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This question already has an answer here:

Why is work done by non-conservative force path dependent? If friction does work then it is given by Force * displacement (no matter what path i take).

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marked as duplicate by user36790, user259412, heather, ACuriousMind, Bosoneando Oct 8 '16 at 18:42

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From your comment:

work done = force* displacement

That's not accurate, even in the case of a constant-magnitude force. $$W = \int \vec{F}\cdot d\vec{x}$$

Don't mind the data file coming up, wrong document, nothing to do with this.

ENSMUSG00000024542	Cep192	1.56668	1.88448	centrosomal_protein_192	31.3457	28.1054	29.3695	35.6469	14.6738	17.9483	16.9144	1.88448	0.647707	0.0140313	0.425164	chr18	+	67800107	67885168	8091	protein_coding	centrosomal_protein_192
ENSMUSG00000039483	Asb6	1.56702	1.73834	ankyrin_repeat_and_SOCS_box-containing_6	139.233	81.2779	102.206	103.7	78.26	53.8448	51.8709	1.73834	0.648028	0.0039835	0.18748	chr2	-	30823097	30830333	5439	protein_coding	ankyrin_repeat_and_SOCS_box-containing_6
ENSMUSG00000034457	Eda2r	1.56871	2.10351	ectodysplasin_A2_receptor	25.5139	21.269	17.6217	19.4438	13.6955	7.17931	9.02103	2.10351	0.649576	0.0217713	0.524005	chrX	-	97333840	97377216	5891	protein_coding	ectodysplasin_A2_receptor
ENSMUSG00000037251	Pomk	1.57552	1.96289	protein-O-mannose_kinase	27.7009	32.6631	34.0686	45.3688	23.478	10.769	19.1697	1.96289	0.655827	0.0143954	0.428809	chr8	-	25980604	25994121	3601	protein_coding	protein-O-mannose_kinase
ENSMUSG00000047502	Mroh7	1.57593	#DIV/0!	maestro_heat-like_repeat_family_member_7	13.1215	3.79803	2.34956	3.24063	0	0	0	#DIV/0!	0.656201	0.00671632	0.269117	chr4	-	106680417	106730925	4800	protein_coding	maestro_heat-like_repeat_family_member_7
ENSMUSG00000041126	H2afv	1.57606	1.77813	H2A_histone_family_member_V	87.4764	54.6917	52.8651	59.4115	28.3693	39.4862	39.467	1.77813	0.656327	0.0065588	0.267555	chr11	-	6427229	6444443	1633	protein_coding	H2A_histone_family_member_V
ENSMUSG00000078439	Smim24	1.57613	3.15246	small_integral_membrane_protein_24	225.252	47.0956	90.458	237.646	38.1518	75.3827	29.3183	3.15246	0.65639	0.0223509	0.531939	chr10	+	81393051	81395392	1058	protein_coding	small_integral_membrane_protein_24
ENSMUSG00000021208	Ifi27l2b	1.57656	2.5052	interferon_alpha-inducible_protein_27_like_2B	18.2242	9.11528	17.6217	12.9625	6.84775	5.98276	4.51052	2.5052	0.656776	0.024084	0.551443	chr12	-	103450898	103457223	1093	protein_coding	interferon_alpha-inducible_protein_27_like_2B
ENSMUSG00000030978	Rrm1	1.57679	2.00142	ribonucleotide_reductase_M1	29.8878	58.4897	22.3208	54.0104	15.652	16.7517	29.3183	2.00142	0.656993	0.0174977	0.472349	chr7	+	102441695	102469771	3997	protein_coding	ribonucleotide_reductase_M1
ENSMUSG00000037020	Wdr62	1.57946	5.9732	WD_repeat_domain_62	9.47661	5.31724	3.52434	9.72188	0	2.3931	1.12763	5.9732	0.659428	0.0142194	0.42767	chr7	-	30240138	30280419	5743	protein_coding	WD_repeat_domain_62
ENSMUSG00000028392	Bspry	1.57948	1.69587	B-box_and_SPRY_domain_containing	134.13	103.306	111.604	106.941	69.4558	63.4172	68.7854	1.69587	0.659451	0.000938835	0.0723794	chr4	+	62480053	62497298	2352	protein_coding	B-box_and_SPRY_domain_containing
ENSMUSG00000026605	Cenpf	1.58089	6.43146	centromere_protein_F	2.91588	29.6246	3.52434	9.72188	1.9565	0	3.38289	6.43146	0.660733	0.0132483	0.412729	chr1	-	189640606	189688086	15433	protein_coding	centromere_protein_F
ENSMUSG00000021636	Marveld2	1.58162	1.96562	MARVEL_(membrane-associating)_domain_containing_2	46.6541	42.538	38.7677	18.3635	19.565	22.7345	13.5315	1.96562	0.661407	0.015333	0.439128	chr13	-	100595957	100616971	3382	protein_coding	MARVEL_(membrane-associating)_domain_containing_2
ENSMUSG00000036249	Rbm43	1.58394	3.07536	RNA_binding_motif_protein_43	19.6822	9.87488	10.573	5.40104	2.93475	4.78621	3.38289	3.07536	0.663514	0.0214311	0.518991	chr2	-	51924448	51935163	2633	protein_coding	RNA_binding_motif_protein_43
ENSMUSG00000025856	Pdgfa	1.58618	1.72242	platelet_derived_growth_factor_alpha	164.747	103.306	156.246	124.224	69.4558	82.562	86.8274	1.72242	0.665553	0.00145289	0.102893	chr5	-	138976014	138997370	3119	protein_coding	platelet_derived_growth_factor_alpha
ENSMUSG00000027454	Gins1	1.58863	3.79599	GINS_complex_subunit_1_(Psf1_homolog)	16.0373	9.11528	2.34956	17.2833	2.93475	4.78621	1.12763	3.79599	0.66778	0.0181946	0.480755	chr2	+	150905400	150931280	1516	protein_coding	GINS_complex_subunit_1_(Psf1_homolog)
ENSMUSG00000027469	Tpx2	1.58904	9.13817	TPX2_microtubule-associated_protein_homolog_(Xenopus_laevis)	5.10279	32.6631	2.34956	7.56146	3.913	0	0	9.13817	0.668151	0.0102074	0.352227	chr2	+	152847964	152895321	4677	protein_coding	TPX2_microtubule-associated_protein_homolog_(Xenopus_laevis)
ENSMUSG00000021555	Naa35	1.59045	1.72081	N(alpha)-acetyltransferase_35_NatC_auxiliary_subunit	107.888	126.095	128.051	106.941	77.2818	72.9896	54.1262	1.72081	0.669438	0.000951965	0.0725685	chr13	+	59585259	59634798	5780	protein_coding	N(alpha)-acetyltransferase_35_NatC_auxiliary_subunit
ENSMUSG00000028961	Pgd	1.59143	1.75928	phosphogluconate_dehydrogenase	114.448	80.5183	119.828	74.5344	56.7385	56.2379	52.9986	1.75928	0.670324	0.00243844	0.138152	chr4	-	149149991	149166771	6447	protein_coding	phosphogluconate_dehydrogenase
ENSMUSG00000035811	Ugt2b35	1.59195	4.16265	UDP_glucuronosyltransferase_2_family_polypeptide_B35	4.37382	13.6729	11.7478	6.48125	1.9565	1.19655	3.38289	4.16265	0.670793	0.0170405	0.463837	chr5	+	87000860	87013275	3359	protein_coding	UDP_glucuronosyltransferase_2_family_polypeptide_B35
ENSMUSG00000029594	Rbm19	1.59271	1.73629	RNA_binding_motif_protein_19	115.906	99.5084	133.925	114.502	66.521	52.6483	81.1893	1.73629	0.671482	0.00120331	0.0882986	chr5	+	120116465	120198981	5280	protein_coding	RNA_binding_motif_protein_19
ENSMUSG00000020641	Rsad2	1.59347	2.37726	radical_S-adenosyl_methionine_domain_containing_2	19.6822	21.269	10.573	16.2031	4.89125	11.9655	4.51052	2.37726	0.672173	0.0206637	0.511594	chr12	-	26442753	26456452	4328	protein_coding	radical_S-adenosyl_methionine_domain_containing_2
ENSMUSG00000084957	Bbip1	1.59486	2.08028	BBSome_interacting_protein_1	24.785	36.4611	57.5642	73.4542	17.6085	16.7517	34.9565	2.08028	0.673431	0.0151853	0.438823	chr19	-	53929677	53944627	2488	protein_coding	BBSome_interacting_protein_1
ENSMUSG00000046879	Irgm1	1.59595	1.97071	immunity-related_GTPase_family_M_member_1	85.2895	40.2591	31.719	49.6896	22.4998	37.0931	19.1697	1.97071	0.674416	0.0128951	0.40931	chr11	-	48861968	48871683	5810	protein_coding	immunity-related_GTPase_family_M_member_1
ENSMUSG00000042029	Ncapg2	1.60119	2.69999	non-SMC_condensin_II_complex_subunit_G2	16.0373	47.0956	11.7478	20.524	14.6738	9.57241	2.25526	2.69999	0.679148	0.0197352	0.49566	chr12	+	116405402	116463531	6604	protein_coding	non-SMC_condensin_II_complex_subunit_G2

In differential form, during a tiny displacement $d\vec{x}$, the tiny amount of work done by friction resisting the motion is: $$dW = \vec{F}_{fr}\cdot d\vec{x} = F_{fr}dx\cos\theta = -F_{fr}dx$$ If the sliding friction force is always opposing the motion, then we'd add up all of these tiny works along the path, getting: $$W = -F_{fr}d$$ This is notably different from $-F_{fr}\Delta x$, and the difference is about the displacement $\Delta x$ vs the distance traveled $d$. That is, the work done by the friction force is dependent upon the path.

Commenters are correct that there's much reference material available on this (and proving that for conservative forces, like gravity, the integral is indeed about the displacement, not the distance, so they're path independent).

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